on computers for college
|Computer hardware costs have fallen
dramatically in recent years. Many freshmen now go to college with
desktop computers that are more powerful than entire college science
departments had 20 years ago. Although these systems are powerful and
affordable, there are things you should know before spending money on
items that you do not need or that you can get free or at low cost.
If you do not already own a computer you are likely to find good
suggestions on your college's website. What follows is a brief
description of some considerations:
Mac vs PC: The majority of personal
computers on campuses, like the majority in the general population, are
PCs running Windows. The Apple Macintosh has very
enthusiastic advocates and there is a widely held belief that Macs are
easier to use. If you have been using one or the other computer system
and feel especially comfortable with it, you will probably want to stay
with if unless the school gives you a compelling reason to switch.
Another consideration is that Macs tend to be more expensive than
PCs and the accessories and software are more limited and likewise can
be more expensive.
Desktop vs laptop: Laptops are
convenient. Not only do they take up less space on a desk, but they can
be taken to the library, laboratories and other places. The drawback to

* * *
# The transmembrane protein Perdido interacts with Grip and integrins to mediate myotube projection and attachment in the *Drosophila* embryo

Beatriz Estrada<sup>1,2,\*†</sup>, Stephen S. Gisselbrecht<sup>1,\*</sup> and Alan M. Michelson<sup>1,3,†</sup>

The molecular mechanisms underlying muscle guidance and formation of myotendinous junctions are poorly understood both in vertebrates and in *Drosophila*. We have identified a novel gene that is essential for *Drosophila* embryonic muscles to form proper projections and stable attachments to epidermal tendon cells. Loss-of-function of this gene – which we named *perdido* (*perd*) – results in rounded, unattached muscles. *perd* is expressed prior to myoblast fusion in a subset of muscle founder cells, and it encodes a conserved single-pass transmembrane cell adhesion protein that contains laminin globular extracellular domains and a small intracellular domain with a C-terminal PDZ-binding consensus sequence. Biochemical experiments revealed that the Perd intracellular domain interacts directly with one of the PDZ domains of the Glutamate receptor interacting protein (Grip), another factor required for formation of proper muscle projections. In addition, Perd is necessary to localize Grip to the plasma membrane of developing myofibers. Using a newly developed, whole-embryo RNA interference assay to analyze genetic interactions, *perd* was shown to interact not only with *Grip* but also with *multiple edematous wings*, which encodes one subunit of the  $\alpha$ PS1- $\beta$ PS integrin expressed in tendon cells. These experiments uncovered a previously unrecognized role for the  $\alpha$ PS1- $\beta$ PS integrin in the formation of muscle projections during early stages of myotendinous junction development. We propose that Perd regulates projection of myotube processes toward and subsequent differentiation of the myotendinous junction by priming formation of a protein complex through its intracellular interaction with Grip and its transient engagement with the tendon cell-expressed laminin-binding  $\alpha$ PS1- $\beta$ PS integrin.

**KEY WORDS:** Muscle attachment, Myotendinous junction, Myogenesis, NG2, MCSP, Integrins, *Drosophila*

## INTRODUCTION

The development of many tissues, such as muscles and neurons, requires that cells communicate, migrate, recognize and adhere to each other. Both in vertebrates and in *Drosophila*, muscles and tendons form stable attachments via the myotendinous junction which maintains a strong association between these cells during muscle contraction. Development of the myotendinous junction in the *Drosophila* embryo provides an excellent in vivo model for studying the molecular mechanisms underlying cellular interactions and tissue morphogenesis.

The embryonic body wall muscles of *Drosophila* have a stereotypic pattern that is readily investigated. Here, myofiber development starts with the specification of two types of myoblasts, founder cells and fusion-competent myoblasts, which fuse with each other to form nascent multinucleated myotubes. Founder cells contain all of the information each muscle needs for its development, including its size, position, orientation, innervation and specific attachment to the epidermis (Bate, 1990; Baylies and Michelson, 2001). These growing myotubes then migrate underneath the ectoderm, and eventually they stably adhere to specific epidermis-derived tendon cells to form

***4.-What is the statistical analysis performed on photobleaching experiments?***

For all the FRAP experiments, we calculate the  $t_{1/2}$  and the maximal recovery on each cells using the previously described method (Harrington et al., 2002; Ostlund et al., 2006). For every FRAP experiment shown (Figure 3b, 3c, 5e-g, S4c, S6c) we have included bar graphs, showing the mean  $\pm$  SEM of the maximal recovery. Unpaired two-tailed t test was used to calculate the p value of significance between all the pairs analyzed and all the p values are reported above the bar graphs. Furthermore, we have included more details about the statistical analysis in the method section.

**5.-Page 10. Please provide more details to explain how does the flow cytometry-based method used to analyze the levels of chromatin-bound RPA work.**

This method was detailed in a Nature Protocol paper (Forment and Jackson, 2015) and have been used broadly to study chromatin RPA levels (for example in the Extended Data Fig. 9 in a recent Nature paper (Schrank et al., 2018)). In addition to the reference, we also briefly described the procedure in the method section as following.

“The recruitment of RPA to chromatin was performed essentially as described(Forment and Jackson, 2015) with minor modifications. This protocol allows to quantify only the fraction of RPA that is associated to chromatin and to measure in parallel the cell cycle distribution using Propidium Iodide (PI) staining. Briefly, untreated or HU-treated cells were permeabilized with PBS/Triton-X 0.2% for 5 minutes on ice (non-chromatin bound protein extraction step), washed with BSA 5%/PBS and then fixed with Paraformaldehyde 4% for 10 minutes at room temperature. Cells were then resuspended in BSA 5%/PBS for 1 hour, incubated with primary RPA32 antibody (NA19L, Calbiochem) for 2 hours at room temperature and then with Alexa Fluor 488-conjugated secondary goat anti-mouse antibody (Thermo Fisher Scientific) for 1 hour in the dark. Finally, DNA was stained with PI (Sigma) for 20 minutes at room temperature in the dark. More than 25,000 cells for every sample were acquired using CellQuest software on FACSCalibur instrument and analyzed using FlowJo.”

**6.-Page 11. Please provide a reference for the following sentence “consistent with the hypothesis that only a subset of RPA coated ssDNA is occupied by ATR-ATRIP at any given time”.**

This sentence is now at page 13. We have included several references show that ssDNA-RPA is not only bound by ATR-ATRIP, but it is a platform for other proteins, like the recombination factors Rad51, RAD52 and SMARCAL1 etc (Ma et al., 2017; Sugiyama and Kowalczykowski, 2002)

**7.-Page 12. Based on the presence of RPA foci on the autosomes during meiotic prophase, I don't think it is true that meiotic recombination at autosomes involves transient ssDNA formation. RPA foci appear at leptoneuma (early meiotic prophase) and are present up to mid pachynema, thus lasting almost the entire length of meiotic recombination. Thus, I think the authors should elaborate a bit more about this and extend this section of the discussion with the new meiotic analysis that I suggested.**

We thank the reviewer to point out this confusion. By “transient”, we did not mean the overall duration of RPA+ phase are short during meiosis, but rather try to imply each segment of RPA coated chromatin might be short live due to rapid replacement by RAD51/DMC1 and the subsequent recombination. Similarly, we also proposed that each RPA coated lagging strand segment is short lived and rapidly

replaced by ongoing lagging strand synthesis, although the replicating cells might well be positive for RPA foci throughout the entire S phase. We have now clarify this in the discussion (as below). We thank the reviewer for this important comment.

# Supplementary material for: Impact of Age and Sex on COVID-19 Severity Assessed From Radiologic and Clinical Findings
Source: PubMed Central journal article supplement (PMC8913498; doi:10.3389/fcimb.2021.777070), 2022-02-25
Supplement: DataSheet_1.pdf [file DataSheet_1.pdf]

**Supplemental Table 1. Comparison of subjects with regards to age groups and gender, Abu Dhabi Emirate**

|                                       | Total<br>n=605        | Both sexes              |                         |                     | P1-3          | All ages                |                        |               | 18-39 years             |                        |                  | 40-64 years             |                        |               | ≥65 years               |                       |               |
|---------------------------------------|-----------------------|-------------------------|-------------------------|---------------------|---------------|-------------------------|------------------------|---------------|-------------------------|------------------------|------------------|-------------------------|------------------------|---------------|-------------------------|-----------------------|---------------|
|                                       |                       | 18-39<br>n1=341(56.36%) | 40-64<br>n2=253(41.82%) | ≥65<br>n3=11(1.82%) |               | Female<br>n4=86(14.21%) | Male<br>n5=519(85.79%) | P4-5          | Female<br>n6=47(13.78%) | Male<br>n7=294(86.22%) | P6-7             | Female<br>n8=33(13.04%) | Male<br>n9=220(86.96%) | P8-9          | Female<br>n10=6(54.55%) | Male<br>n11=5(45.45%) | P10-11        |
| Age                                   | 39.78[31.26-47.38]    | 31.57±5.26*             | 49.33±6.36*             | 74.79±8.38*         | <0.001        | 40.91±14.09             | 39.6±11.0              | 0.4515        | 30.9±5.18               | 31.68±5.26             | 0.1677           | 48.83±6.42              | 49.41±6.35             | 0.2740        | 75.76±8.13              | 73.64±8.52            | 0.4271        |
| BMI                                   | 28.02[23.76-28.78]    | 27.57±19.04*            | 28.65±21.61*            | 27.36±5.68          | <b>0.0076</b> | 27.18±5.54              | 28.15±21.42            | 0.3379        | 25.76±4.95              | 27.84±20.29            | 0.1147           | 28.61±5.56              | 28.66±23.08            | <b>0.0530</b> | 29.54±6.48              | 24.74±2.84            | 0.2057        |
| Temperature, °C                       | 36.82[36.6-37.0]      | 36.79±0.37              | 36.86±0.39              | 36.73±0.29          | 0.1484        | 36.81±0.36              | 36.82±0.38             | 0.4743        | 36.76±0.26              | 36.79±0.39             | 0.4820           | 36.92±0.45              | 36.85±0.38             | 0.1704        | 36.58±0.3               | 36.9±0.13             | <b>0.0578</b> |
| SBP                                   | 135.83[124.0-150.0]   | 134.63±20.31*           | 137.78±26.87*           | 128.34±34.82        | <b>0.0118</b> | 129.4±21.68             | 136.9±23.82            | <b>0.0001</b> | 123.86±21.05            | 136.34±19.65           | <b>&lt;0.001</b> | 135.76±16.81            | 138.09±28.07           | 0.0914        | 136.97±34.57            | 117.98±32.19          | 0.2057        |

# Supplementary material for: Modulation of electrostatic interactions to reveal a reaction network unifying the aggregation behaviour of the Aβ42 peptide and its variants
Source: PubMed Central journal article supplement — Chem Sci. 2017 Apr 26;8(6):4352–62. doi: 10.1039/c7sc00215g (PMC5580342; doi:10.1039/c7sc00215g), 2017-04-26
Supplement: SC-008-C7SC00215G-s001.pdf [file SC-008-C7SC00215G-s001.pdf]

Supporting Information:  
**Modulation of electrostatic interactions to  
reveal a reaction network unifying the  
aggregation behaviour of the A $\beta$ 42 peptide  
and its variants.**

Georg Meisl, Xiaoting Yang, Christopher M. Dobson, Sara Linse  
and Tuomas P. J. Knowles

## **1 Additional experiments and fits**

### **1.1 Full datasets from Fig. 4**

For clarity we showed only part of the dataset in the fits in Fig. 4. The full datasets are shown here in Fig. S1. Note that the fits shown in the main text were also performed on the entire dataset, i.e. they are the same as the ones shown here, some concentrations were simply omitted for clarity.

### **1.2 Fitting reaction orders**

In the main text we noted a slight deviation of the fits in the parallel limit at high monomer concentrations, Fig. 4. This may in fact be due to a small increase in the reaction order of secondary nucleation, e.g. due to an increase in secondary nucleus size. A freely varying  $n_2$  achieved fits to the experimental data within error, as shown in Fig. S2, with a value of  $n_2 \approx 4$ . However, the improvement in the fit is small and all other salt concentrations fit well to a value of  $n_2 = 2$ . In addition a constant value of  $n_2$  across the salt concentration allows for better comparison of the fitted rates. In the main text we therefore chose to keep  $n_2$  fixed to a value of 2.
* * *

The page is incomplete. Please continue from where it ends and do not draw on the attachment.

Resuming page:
portability is that laptops are easily stolen or lost. That has become
less of an issue as prices have fallen and as laptops have become so
common at colleges. However, if lost/stolen, the loss of the
school work that you have stored on a laptop could be more catastrophic
than the financial loss of a stolen computer. That makes it imperative
that you backup your data if you have a laptop. An external USB hard
drive is an essential accessory for backing up all computers but is
especially wise for laptop users.
typically more expensive than desktops. This is especially true when
costs for a given amount of computing power. Laptops may be more
difficult and expensive to upgrade than desktops and they may be more
fussy about the compatibility of both hardware and software.
If you live on campus you will likely find that your dorm room has a
connection to the campus network. If this is the case you
will probably need a network interface. These may be built in to the
computer or can be added as an interface "card."
Printers: You will undoubtedly have
access to computer labs on campus that you can use for printing
assignments. This can save you the cost of a printer. However, you may
find it a great convenience to have your own printer. Ink-jet printers
are amazingly inexpensive and most can print in color. Laser printers
have come down in price recently but are still generally more expensive
than ink-jets and the less expensive models do not print in
color. The advantage of laser printers is that they can be more
dependable, the cost per printed page is less and the output generally